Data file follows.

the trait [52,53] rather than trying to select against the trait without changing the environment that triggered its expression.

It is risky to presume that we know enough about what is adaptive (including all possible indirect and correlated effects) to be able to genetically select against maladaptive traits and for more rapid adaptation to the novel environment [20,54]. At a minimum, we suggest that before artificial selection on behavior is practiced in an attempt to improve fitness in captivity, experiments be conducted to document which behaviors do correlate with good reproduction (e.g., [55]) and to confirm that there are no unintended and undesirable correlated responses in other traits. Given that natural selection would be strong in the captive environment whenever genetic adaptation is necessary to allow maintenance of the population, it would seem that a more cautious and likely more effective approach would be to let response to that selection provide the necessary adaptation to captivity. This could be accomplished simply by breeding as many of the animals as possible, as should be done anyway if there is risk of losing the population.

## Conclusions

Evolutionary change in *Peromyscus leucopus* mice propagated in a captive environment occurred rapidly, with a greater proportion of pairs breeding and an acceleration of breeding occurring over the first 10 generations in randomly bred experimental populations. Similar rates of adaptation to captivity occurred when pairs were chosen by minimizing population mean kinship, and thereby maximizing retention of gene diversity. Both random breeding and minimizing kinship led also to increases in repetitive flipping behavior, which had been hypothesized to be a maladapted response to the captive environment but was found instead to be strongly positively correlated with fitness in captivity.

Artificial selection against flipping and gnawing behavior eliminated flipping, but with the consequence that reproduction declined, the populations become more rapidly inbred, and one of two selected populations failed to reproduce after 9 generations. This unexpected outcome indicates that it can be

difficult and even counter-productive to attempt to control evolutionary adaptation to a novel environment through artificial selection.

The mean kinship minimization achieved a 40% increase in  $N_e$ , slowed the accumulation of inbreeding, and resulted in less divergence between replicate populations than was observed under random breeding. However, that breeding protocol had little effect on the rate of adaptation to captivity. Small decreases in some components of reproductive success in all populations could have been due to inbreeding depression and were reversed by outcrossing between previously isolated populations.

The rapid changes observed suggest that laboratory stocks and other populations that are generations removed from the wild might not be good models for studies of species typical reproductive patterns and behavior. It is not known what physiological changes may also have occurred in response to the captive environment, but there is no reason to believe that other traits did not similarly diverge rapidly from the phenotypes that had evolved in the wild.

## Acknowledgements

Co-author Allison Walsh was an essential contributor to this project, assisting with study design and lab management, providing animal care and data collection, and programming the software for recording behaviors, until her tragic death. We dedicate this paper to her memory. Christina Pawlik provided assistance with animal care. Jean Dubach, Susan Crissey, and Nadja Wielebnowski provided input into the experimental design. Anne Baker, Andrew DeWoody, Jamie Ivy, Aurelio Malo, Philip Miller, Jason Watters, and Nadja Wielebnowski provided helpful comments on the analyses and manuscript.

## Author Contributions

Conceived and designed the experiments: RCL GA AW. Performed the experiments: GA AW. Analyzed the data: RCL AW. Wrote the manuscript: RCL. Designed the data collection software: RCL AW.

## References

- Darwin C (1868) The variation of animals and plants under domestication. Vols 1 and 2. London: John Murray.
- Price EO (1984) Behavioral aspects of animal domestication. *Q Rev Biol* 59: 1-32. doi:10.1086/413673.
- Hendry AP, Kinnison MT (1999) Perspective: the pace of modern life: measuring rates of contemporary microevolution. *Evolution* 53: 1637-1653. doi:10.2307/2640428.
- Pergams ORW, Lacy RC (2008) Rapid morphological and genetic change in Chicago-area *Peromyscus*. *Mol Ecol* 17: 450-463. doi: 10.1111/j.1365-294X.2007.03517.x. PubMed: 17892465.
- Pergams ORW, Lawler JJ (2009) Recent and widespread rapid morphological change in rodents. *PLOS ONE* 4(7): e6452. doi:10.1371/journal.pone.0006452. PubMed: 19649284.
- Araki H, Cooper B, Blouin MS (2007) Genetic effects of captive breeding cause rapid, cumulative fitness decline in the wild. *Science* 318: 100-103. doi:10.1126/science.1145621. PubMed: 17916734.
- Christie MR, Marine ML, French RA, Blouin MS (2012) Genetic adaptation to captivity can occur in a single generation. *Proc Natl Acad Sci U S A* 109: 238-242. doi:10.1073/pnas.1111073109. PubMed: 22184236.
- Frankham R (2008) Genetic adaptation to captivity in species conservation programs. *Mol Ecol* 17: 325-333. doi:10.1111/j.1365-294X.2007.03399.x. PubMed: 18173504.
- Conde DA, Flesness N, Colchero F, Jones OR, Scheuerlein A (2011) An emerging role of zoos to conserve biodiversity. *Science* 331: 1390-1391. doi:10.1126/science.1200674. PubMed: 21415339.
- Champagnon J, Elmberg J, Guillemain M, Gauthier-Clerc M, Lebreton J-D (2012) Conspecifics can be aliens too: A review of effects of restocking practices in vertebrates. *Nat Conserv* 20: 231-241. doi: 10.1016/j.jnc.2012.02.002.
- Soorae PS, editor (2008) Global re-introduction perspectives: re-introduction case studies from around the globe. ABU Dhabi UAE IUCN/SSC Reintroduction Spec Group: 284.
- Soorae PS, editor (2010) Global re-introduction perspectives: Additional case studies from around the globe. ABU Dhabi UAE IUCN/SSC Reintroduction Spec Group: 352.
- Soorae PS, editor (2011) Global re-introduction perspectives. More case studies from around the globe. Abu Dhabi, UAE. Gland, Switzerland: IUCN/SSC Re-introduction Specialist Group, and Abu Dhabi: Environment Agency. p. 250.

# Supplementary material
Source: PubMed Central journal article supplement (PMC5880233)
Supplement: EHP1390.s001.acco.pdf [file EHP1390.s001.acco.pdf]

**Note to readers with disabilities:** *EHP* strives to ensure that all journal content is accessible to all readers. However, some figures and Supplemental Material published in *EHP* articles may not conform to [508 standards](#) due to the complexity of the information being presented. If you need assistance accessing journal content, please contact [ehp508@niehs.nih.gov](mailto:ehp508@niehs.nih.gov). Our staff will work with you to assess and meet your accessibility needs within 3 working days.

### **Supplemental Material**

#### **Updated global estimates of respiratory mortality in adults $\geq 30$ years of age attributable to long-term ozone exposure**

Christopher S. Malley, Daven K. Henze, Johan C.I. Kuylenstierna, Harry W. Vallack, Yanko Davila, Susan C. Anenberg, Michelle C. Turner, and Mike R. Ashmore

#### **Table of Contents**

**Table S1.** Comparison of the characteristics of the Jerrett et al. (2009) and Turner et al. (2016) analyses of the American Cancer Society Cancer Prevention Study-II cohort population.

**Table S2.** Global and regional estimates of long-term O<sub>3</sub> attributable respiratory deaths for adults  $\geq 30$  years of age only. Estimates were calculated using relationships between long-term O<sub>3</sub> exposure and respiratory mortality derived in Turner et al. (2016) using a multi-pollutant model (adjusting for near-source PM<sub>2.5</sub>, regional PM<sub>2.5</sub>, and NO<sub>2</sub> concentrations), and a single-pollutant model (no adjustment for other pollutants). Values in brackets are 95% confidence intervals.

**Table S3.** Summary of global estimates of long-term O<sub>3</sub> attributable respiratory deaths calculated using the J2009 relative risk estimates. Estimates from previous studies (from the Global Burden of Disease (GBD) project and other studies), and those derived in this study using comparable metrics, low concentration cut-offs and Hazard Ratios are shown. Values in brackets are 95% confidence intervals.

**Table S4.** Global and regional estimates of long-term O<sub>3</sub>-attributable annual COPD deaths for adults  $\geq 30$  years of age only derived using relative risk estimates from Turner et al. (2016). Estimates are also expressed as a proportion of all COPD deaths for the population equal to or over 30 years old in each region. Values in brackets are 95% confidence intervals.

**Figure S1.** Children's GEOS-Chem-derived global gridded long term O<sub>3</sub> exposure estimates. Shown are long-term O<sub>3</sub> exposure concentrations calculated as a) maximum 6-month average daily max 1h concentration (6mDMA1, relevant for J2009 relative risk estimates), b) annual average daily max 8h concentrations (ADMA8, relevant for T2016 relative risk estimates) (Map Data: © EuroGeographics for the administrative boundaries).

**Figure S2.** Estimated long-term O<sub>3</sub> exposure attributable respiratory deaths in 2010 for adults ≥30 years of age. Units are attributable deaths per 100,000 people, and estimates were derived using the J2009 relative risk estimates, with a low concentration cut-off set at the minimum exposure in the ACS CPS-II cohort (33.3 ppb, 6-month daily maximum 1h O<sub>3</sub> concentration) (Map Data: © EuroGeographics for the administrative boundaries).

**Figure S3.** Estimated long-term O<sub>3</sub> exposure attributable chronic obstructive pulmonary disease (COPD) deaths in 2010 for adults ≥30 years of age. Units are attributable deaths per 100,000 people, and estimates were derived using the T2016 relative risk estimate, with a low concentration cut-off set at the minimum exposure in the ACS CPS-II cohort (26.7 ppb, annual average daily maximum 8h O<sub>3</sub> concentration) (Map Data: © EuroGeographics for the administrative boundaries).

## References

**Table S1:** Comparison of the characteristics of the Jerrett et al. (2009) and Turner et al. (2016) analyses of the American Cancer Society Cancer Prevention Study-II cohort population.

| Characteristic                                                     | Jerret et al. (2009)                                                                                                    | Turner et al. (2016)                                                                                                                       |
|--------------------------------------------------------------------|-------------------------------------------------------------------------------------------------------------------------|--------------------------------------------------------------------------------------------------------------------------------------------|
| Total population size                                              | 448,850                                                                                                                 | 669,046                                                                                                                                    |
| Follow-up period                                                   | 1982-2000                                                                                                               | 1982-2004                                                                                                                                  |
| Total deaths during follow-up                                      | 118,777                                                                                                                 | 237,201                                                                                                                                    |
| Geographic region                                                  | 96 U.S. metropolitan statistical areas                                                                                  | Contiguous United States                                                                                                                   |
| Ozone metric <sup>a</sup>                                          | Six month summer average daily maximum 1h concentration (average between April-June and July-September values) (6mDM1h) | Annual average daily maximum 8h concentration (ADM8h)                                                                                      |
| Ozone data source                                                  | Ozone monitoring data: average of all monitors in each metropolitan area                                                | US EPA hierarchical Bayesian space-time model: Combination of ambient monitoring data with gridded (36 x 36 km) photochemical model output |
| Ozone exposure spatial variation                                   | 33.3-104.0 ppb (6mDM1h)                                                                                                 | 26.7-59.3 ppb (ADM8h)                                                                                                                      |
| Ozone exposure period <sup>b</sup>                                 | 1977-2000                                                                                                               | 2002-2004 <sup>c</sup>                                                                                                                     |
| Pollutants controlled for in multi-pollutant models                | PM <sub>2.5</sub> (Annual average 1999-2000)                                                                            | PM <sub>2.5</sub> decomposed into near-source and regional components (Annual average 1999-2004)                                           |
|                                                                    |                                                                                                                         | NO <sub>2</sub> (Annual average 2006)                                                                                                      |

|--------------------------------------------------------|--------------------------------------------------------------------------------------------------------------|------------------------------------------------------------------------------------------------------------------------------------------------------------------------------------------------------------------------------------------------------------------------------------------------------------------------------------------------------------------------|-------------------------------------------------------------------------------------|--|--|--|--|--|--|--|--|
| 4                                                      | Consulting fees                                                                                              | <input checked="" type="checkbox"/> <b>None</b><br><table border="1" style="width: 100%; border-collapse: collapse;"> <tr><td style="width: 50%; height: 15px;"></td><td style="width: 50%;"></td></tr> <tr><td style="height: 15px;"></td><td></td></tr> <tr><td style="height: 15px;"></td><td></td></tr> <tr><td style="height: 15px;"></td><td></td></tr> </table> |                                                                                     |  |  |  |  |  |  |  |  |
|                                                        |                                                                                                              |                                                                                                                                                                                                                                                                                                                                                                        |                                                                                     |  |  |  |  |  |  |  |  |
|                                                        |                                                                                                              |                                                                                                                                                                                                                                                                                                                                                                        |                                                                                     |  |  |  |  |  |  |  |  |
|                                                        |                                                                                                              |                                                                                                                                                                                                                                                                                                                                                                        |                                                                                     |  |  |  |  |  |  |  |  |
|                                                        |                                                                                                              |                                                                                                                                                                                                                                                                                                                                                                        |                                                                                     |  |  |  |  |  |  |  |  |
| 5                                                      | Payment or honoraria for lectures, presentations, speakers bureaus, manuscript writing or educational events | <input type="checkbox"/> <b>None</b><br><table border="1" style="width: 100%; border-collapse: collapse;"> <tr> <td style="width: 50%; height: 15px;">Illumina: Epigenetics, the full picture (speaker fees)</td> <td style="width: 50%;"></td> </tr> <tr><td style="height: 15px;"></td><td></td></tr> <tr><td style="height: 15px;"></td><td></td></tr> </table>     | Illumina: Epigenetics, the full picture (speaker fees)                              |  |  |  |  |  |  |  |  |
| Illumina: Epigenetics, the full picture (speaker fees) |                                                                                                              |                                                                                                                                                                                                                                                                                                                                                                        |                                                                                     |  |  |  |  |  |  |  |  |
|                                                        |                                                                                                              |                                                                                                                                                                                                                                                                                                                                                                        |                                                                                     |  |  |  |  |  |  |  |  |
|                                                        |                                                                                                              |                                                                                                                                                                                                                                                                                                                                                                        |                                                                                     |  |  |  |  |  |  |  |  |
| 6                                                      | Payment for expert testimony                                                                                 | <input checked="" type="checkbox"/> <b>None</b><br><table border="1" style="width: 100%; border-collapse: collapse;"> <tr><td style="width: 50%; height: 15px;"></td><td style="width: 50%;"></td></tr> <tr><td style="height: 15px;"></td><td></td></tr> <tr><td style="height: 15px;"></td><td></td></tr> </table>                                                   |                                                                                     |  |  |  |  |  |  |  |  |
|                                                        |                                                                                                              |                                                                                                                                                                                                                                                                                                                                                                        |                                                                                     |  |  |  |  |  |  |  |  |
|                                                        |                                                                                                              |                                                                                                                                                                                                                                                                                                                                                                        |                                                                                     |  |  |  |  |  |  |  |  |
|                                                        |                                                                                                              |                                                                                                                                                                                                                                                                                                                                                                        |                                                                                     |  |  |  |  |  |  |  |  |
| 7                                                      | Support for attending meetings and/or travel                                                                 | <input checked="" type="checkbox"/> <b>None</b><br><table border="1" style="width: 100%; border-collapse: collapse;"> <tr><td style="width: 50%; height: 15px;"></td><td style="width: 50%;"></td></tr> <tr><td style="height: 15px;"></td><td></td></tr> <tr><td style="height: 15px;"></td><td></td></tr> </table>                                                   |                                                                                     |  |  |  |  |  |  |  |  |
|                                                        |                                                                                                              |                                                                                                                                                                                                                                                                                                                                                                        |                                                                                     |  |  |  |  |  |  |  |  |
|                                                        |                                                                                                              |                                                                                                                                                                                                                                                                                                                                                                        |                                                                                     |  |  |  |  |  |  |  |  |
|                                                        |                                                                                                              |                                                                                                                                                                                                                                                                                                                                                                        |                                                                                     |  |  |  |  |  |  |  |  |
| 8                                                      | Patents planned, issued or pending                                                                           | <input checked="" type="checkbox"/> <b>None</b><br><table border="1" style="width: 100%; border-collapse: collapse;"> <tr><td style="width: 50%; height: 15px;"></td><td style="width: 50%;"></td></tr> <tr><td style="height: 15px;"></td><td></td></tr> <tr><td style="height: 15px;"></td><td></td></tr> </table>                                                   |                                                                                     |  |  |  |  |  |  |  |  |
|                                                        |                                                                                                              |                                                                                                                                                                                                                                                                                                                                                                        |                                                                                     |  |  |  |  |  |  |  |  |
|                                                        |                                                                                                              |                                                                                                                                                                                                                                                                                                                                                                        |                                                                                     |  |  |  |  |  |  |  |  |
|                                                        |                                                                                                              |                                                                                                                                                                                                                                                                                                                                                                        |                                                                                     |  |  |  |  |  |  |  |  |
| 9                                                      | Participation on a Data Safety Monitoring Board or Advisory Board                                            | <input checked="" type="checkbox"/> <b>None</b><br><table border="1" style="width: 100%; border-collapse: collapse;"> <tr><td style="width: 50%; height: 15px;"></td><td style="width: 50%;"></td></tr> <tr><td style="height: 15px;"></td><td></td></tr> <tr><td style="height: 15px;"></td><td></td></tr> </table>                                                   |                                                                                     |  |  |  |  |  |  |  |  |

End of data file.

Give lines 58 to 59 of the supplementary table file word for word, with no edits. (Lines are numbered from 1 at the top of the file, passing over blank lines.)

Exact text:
|                                                        |                                                                                                              |                                                                                                                                                                                                                                                                                                                                                                        |                                                                                     |  |  |  |  |  |  |  |  |
|                                                        |                                                                                                              |                                                                                                                                                                                                                                                                                                                                                                        |                                                                                     |  |  |  |  |  |  |  |  |